Diabetes – What is Diabetes?
Diabetes is a serious illness which affects millions of people every year. It happens when the body is unable to produce enough insulin or cannot use the insulin that it does have effectively.
The good news is that it can be treated and can be prevented or delayed by diet, exercise and medication. It is also important to be aware of the signs, so you can determine whether you have a problem and seek treatment.
What is diabetes?
Diabetes is an ongoing (long-lasting) health condition that affects how your body converts food into energy. It happens when your pancreas does not produce enough insulin or fails to properly use it.
Insulin is the hormone that aids your body absorb and use glucose, also referred to as sugar. Type 2 diabetics don’t make enough insulin or aren’t able to use it in a proper way.
The blood sugar levels rise with time in both forms of diabetes. This can lead to problems with the eyes, kidneys and feet. It can also damage the heart and brain arteries as well as your brain.
Type 1 diabetes
Type 1 diabetes is caused by an autoimmune reaction which means that your immune system attacks pancreatic insulin-producing cells and destroys them. This destruction can occur over months or even for years and eventually lead to a complete lack of insulin.
Insulin is a requirement for people who suffer from type 1 diabetes each day. They also need to monitor their blood glucose levels and adjust their the insulin, food and activity levels to keep their blood glucose within an acceptable range.
Type 2 diabetes
If you suffer from type 2 diabetes your body isn’t using insulin as it should. Insulin is a hormone that helps your cells get blood sugar (glucose) out of your blood and into your cells, where it can be used for energy.
Type 2 diabetics must exercise and eat a healthy diet. They may also have to take medication to manage their blood sugar levels.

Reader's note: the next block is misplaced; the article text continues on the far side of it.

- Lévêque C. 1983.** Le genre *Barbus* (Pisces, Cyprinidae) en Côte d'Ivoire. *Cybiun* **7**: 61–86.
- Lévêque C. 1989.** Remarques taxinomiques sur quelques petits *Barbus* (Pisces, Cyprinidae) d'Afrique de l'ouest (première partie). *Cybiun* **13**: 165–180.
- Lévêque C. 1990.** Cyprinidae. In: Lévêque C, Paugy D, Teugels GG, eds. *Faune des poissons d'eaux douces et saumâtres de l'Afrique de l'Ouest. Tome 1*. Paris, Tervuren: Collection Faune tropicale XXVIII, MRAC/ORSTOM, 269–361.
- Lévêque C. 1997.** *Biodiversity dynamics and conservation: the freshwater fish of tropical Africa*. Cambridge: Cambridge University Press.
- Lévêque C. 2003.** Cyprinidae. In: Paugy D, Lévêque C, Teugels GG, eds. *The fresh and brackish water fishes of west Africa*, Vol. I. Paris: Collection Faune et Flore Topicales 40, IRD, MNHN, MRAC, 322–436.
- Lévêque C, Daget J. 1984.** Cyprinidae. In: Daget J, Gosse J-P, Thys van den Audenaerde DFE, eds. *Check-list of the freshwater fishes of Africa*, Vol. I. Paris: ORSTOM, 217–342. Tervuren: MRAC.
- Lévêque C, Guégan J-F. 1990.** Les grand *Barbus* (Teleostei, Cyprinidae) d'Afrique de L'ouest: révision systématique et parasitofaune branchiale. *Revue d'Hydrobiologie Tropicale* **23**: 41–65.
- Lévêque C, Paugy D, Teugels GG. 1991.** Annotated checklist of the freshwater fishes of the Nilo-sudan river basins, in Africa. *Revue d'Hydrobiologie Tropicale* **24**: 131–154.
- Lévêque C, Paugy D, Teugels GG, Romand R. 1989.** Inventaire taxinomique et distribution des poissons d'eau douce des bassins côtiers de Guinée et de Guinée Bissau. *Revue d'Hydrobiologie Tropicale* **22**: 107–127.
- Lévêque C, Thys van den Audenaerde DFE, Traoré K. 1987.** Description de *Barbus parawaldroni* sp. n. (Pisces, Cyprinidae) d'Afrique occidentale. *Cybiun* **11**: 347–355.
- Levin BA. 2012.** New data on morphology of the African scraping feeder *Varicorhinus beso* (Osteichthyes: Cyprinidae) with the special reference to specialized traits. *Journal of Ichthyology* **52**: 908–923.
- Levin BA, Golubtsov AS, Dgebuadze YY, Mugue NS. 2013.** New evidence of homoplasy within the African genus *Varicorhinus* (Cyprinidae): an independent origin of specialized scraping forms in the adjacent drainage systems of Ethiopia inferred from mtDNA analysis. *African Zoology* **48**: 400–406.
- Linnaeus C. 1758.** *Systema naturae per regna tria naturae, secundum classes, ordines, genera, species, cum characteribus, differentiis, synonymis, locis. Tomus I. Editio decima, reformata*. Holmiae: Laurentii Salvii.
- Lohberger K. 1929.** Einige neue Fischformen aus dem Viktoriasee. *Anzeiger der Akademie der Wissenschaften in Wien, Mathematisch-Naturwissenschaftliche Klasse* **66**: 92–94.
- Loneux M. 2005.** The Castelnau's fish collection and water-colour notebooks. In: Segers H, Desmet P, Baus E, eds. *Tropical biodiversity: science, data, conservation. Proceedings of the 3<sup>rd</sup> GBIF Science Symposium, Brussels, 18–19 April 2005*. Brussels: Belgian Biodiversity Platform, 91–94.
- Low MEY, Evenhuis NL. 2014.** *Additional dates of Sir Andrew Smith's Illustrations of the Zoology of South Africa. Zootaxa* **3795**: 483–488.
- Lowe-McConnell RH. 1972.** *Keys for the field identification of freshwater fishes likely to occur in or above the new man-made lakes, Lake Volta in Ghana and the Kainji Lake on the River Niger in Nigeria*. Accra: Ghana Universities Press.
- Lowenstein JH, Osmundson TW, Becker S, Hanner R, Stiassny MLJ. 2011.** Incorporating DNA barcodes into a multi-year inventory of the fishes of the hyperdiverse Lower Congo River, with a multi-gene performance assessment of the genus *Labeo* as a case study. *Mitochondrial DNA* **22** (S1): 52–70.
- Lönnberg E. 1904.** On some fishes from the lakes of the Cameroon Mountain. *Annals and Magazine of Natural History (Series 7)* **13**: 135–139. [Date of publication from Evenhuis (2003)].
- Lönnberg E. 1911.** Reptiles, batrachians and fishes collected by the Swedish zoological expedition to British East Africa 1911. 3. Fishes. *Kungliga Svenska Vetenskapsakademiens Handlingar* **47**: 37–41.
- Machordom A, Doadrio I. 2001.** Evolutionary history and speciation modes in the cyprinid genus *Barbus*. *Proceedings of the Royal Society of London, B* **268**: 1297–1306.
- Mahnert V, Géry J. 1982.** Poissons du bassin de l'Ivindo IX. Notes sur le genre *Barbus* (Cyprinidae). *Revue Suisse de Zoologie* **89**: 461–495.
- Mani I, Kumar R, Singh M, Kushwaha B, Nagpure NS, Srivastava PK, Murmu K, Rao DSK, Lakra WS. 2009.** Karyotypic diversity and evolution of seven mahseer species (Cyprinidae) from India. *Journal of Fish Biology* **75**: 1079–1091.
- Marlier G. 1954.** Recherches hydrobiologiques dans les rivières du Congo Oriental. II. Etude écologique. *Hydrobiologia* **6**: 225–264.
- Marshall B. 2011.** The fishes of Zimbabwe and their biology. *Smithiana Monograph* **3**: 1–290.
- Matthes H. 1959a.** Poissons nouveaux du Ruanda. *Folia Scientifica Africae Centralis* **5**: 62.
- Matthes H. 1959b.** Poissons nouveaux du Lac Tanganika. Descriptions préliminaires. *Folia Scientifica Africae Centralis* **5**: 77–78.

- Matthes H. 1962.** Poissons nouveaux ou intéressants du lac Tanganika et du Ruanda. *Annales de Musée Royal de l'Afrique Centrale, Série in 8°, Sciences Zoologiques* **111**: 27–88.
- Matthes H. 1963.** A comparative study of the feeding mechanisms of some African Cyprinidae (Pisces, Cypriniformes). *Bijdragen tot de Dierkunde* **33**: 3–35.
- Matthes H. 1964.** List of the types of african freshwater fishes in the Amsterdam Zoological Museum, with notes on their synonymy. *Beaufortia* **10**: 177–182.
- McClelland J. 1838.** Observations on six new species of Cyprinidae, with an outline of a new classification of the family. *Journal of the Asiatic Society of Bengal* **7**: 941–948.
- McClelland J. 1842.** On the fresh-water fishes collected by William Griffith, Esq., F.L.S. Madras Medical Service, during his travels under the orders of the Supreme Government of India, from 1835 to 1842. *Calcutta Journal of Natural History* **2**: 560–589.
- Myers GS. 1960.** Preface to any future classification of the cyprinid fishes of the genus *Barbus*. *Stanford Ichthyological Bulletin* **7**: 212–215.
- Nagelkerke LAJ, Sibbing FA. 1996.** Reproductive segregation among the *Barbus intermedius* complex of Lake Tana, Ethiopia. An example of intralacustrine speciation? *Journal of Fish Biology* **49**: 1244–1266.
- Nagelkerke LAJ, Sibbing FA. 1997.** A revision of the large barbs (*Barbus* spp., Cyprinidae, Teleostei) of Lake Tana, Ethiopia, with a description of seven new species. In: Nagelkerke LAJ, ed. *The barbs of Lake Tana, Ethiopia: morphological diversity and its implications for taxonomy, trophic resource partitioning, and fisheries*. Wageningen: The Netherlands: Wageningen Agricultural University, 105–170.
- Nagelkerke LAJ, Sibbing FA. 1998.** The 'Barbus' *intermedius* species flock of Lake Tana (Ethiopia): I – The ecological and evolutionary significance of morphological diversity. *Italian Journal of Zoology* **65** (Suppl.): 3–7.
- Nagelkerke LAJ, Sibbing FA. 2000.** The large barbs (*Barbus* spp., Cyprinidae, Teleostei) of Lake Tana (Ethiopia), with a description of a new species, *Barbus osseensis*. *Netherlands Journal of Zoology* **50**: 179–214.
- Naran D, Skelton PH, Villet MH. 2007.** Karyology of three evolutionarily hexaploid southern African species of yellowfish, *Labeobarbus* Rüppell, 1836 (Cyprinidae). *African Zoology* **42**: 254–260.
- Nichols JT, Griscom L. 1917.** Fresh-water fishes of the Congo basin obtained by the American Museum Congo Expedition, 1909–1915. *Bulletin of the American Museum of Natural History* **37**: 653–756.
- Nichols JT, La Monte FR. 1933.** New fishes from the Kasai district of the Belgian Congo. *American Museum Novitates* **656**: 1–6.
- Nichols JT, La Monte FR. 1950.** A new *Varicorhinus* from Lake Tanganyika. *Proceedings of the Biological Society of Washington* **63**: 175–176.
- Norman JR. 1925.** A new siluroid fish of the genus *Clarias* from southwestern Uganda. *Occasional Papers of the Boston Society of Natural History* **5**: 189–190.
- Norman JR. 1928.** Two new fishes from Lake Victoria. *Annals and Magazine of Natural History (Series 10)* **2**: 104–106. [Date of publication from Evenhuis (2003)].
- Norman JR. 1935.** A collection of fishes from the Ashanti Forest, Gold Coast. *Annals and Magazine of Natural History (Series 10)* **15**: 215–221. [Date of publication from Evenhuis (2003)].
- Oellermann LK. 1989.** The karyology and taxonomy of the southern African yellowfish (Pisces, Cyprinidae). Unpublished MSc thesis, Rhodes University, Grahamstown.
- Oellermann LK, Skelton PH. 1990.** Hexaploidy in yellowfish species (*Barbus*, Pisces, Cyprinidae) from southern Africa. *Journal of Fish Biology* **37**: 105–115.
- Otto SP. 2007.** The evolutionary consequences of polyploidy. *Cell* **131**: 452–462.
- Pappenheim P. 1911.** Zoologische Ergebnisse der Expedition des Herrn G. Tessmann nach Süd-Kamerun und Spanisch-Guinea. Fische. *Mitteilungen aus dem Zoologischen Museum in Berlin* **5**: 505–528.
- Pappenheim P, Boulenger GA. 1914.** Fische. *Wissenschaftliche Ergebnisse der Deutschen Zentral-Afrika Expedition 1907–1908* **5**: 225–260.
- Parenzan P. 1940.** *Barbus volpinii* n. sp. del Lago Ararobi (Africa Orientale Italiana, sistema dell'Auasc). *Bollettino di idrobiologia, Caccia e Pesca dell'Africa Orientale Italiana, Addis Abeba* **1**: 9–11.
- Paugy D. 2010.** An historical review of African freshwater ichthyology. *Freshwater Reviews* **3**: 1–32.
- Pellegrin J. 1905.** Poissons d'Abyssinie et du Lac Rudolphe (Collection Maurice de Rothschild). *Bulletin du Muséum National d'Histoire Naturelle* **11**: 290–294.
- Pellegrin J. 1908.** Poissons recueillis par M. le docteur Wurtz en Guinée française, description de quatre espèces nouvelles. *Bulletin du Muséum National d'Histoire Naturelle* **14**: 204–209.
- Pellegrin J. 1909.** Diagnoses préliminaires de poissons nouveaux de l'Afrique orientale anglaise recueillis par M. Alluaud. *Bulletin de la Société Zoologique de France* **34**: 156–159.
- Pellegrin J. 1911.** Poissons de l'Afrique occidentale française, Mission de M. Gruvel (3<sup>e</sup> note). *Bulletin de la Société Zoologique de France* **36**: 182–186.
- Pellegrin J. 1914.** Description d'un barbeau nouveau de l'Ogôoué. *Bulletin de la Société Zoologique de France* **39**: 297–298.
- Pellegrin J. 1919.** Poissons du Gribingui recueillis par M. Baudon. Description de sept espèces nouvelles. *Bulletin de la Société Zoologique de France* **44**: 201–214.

The signs of diabetes in women
Diabetes is a chronic disease that affects all races as well as ethnic groups age, genders, and ages. However women are at higher risk than males.
Women with diabetes have a greater chance of developing complications than men, such as heart disease (the most commonly reported diabetes complication) and loss of vision.
Polydipsia can be a warning sign for women with diabetes. This is due to diabetes causing excess sugar to build up in the blood, and your kidneys don’t have the capacity to remove it properly.
Symptoms of diabetes in men
Diabetes is a condition where cells are unable use glucose (blood sugar) for energy. This is typically because the pancreas produces insufficient insulin.
This can result in high blood glucose levels. Your body then tries to reduce these levels by flushing excess glucose from your bloodstream through urine.
Patients with diabetes are usually thirsty and require to drink lots of fluids.
Men also may lose weight as their bodies rely on muscle for energy rather than fat. This is due to their blood sugar levels remain elevated for long periods.
A balanced diet for diabetes can be an essential part of managing the condition. It can help control blood sugar levels control weight and reduce risk factors for heart disease.
You should include whole food items in your diet, including fruits, vegetables, and whole grains. Also, low-fat dairy products and legumes are excellent choices. It should be low in saturated fats and sugars as well as added sugars (unhealthy).
You might consider limiting your consumption of beverages sweetened with sugar. These drinks are typically high in sugar, which can cause blood sugar levels to rise.
Your doctor may suggest diabetes medications to keep your blood glucose (blood sugar) levels in an acceptable range. These medications are typically combined with lifestyle changes, such as exercise and diet to manage the condition.
If your blood sugar levels aren’t being well controlled by one medicine another medicine could be added. Your doctor will work with you to select the most appropriate medication for your needs and preferences.
Newer medications like glucagon-like receptor agonists, peptide-1, and sodium-glucose cotransporter-2 inhibitors reduce blood sugar levels, have cardiovascular and kidney benefits, and lower the risk of complications. They are also beneficial for weight loss and are available in injectable and tablet forms.